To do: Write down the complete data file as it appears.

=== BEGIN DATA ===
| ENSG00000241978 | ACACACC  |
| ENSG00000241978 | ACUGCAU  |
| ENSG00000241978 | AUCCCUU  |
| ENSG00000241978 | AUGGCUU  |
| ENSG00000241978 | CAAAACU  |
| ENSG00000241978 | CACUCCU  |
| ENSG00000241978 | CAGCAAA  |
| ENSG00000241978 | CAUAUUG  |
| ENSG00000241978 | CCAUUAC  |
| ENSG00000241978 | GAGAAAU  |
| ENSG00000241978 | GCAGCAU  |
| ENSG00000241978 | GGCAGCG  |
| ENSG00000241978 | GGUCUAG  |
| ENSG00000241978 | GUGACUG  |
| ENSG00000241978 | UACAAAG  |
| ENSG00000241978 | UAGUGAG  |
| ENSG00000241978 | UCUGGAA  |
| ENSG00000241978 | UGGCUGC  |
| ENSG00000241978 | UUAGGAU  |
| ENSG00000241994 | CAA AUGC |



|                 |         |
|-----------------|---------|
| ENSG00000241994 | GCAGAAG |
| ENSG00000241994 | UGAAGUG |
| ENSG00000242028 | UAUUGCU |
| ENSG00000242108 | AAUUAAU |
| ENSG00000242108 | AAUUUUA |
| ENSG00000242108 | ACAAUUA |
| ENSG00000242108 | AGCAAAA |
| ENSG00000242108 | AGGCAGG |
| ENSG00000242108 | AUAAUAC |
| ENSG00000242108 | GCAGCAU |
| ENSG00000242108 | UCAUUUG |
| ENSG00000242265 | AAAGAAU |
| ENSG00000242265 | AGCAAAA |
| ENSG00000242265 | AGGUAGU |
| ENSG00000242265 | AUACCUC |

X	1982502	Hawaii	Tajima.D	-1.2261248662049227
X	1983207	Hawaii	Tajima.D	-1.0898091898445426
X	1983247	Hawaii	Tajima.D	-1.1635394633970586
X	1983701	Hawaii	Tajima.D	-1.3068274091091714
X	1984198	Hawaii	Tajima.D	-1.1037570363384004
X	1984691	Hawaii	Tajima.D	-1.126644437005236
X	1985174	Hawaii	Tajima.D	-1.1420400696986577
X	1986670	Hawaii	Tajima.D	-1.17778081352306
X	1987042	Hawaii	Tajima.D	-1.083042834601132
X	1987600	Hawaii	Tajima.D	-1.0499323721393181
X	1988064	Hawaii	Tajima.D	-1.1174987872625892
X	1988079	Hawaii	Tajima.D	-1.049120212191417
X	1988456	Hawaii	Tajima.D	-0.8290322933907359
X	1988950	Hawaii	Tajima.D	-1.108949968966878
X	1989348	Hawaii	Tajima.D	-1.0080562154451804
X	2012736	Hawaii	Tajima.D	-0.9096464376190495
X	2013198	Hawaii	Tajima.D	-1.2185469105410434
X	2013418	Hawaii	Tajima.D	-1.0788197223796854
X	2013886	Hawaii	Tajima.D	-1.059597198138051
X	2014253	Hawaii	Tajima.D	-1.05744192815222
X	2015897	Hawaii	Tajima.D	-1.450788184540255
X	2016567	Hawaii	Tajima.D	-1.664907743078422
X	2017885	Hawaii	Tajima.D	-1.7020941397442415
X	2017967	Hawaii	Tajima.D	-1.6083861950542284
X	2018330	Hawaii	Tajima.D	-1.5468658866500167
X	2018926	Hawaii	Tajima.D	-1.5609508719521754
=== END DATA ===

| ENSG00000241978 | ACACACC  |
| ENSG00000241978 | ACUGCAU  |
| ENSG00000241978 | AUCCCUU  |
| ENSG00000241978 | AUGGCUU  |
| ENSG00000241978 | CAAAACU  |
| ENSG00000241978 | CACUCCU  |
| ENSG00000241978 | CAGCAAA  |
| ENSG00000241978 | CAUAUUG  |
| ENSG00000241978 | CCAUUAC  |
| ENSG00000241978 | GAGAAAU  |
| ENSG00000241978 | GCAGCAU  |
| ENSG00000241978 | GGCAGCG  |
| ENSG00000241978 | GGUCUAG  |
| ENSG00000241978 | GUGACUG  |
| ENSG00000241978 | UACAAAG  |
| ENSG00000241978 | UAGUGAG  |
| ENSG00000241978 | UCUGGAA  |
| ENSG00000241978 | UGGCUGC  |
| ENSG00000241978 | UUAGGAU  |
| ENSG00000241994 | CAA AUGC |



|                 |         |
|-----------------|---------|
| ENSG00000241994 | GCAGAAG |
| ENSG00000241994 | UGAAGUG |
| ENSG00000242028 | UAUUGCU |
| ENSG00000242108 | AAUUAAU |
| ENSG00000242108 | AAUUUUA |
| ENSG00000242108 | ACAAUUA |
| ENSG00000242108 | AGCAAAA |
| ENSG00000242108 | AGGCAGG |
| ENSG00000242108 | AUAAUAC |
| ENSG00000242108 | GCAGCAU |
| ENSG00000242108 | UCAUUUG |
| ENSG00000242265 | AAAGAAU |
| ENSG00000242265 | AGCAAAA |
| ENSG00000242265 | AGGUAGU |
| ENSG00000242265 | AUACCUC |

X	1982502	Hawaii	Tajima.D	-1.2261248662049227
X	1983207	Hawaii	Tajima.D	-1.0898091898445426
X	1983247	Hawaii	Tajima.D	-1.1635394633970586
X	1983701	Hawaii	Tajima.D	-1.3068274091091714
X	1984198	Hawaii	Tajima.D	-1.1037570363384004
X	1984691	Hawaii	Tajima.D	-1.126644437005236
X	1985174	Hawaii	Tajima.D	-1.1420400696986577
X	1986670	Hawaii	Tajima.D	-1.17778081352306
X	1987042	Hawaii	Tajima.D	-1.083042834601132
X	1987600	Hawaii	Tajima.D	-1.0499323721393181
X	1988064	Hawaii	Tajima.D	-1.1174987872625892
X	1988079	Hawaii	Tajima.D	-1.049120212191417
X	1988456	Hawaii	Tajima.D	-0.8290322933907359
X	1988950	Hawaii	Tajima.D	-1.108949968966878
X	1989348	Hawaii	Tajima.D	-1.0080562154451804
X	2012736	Hawaii	Tajima.D	-0.9096464376190495
X	2013198	Hawaii	Tajima.D	-1.2185469105410434
X	2013418	Hawaii	Tajima.D	-1.0788197223796854
X	2013886	Hawaii	Tajima.D	-1.059597198138051
X	2014253	Hawaii	Tajima.D	-1.05744192815222
X	2015897	Hawaii	Tajima.D	-1.450788184540255
X	2016567	Hawaii	Tajima.D	-1.664907743078422
X	2017885	Hawaii	Tajima.D	-1.7020941397442415
X	2017967	Hawaii	Tajima.D	-1.6083861950542284
X	2018330	Hawaii	Tajima.D	-1.5468658866500167
X	2018926	Hawaii	Tajima.D	-1.5609508719521754